Singapore, its membership is contractual and based on adherence to Biodynamic Agriculture, a
method originated by Dr. Rudolf Steiner in his agriculture course, dating back to 1924.
Other Organic Regulatory Agencies
There are many other natural agricultural-control agencies, as well as private and state certified
programs. Depending on the type of certification and/or the country in which the tea will be re-
tailed, it may carry a government, or private-independent certification, or both.
Of the better known certifying agencies whose logos you might see, there's Germany's International Federation of
Organic Agriculture Movements, Switzerland's Institute for Marketecology, California Certified Organic Farmers,
and California's Quality Assurance International. Enjoy.
|For more information or to learn more about tea, visit our other pages:
How do I choose the right tea for me?
What are the main types of tea?
What is Fair Trade and how does
Scented teas-a fragrant and refreshing
treat for the taste buds.
So who is Earl Grey, anyway? Learn
all about blended teas.
Does tea provide any health benefits
Where is yellow tea made?
What is yerba mate and where is it from?
What is "terroir" and how does it relate to tea?
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| To verify the tea you're purchasing is organic, look for the logo
or stamp of the regulatory organization that has set the stan-
dards for organic tea production. The five most reputable regul-
atory organizations, with the highest standards, that you're
likely to see are:
United States: USDA National Organic Program (logo
The USDA (U.S. Dept. of Agriculture) developed a set of national organic standards in the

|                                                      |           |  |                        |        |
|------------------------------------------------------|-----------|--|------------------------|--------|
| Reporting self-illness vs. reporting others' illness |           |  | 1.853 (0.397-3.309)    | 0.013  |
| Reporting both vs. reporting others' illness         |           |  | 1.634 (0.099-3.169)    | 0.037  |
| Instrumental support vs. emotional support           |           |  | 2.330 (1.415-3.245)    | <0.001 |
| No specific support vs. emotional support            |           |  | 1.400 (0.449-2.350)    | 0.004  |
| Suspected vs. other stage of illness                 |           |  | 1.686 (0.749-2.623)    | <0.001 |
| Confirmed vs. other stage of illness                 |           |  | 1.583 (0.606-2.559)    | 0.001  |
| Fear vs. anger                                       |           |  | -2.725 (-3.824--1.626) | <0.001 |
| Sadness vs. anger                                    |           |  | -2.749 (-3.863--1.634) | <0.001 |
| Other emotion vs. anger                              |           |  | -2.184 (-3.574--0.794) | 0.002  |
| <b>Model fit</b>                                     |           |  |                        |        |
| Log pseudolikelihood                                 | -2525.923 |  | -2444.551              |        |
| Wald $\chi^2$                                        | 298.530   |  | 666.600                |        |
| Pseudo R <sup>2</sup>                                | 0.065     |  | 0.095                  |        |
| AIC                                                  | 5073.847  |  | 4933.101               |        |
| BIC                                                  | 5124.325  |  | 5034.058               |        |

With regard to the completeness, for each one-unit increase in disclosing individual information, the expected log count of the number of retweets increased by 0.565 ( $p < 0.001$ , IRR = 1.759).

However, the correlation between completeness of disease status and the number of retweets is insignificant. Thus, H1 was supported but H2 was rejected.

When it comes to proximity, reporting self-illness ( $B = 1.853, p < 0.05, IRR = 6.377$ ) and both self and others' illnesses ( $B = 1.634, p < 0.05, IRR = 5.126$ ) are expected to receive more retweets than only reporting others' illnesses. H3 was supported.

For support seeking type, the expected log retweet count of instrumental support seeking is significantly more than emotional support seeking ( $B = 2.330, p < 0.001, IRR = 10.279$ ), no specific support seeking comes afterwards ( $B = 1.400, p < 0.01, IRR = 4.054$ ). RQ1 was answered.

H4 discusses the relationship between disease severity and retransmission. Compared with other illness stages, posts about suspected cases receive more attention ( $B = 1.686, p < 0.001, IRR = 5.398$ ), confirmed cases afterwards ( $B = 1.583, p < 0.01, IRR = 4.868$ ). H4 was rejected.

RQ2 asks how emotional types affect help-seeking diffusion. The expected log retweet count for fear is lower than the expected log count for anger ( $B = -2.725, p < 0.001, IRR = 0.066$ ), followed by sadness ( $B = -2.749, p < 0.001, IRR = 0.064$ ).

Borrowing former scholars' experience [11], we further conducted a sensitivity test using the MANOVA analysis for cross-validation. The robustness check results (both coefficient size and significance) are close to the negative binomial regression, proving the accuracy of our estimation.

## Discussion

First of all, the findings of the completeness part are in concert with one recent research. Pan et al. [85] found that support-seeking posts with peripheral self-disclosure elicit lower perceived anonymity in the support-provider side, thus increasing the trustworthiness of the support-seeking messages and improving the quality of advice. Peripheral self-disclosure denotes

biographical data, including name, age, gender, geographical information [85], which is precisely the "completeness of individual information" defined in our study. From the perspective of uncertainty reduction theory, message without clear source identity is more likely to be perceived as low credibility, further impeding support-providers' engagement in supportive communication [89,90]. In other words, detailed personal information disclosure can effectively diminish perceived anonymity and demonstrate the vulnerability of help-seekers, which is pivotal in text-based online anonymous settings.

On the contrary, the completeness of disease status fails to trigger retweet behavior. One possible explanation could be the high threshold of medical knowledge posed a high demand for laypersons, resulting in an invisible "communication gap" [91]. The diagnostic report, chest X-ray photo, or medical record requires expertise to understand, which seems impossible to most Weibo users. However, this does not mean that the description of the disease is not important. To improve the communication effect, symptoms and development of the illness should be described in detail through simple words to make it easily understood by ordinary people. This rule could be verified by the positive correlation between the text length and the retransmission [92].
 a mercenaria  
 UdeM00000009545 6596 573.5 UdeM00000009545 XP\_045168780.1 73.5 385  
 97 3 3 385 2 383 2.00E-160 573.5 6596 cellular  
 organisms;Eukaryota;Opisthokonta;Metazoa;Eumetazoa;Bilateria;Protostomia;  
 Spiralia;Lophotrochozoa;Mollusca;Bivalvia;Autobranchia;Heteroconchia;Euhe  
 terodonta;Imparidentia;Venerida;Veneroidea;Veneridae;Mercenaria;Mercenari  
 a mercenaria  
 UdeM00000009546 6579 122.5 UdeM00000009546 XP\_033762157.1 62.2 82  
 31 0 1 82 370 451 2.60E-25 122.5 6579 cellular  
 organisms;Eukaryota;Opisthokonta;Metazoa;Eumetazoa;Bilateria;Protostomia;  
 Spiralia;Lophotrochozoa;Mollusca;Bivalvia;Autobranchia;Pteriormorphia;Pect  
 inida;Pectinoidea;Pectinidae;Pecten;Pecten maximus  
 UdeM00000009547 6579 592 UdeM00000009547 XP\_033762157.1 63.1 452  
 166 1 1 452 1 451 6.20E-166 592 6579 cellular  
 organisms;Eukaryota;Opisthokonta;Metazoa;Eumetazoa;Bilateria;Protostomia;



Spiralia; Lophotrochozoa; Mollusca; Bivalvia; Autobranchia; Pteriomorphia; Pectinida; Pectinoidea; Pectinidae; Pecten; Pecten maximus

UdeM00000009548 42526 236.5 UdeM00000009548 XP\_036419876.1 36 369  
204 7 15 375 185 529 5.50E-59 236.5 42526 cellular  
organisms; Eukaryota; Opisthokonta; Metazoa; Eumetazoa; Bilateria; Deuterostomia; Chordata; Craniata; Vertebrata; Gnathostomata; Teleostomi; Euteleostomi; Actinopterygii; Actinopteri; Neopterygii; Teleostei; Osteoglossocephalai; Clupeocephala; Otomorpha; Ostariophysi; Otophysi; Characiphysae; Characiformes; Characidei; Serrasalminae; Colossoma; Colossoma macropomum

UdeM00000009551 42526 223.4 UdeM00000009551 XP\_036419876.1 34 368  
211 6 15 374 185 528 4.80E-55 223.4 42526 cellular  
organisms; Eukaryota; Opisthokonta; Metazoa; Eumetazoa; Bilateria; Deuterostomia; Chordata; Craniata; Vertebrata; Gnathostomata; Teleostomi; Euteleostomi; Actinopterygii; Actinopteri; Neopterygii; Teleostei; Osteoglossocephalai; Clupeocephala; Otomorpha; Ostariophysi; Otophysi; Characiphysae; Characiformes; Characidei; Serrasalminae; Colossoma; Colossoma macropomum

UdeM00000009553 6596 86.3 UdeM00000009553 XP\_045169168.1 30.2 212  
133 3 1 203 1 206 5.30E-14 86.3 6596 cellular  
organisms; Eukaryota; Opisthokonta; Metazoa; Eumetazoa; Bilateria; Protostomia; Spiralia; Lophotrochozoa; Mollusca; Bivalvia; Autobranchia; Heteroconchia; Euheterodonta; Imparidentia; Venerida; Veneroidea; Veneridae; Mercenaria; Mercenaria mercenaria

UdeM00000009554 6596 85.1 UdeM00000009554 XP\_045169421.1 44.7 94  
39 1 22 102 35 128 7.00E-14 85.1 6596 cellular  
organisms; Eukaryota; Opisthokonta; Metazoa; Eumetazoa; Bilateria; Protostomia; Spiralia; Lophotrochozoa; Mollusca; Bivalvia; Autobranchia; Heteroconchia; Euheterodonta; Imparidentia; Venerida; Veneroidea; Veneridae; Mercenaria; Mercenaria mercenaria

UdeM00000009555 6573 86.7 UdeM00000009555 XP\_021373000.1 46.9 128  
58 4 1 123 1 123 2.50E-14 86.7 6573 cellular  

1990's. They were activated in 2002 under the legislation known as "USDA National Organic
Program", or NOP for short.
The legislation requires all organic products be certified by an independent agency approved by
the USDA, and that products labeled "organic" must be certified according to the guidelines set
forth by the legislation.
Under the NOP there are four categories of
organic content: 100% organic, 95% or more
organic, 70% to 95% organic, and less than
70% organic. Products are required to have
the appropriate official label of the USDA.
European Union: Regulation No. 2092/91
The European Union is the largest organic
marketplace in the world and was the first to
enact governmental legislation in regard to
organic production and marketing. The orig-
inal regulation was drafted in 1991, going in-
to effect in 1992.
Since then Regulation No. 2092/91 has been
modified, clarified, and amended and at 95
pages, is quite comprehensive. It's also the legal
basis for the production, processing, and trade of
all organic products in the twenty-seven countries
of the European Union, as of 2007.
Products labeled "organic" must be certified according to these guidelines and then may be
identified with the official label of the European Union. There are only two categories of
"certified organic" allowed; one for products containing at least 95% organic ingredients, and
one for products containing 70 - 95% organic ingredients.
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The Tea Detective's Gift of Tea Store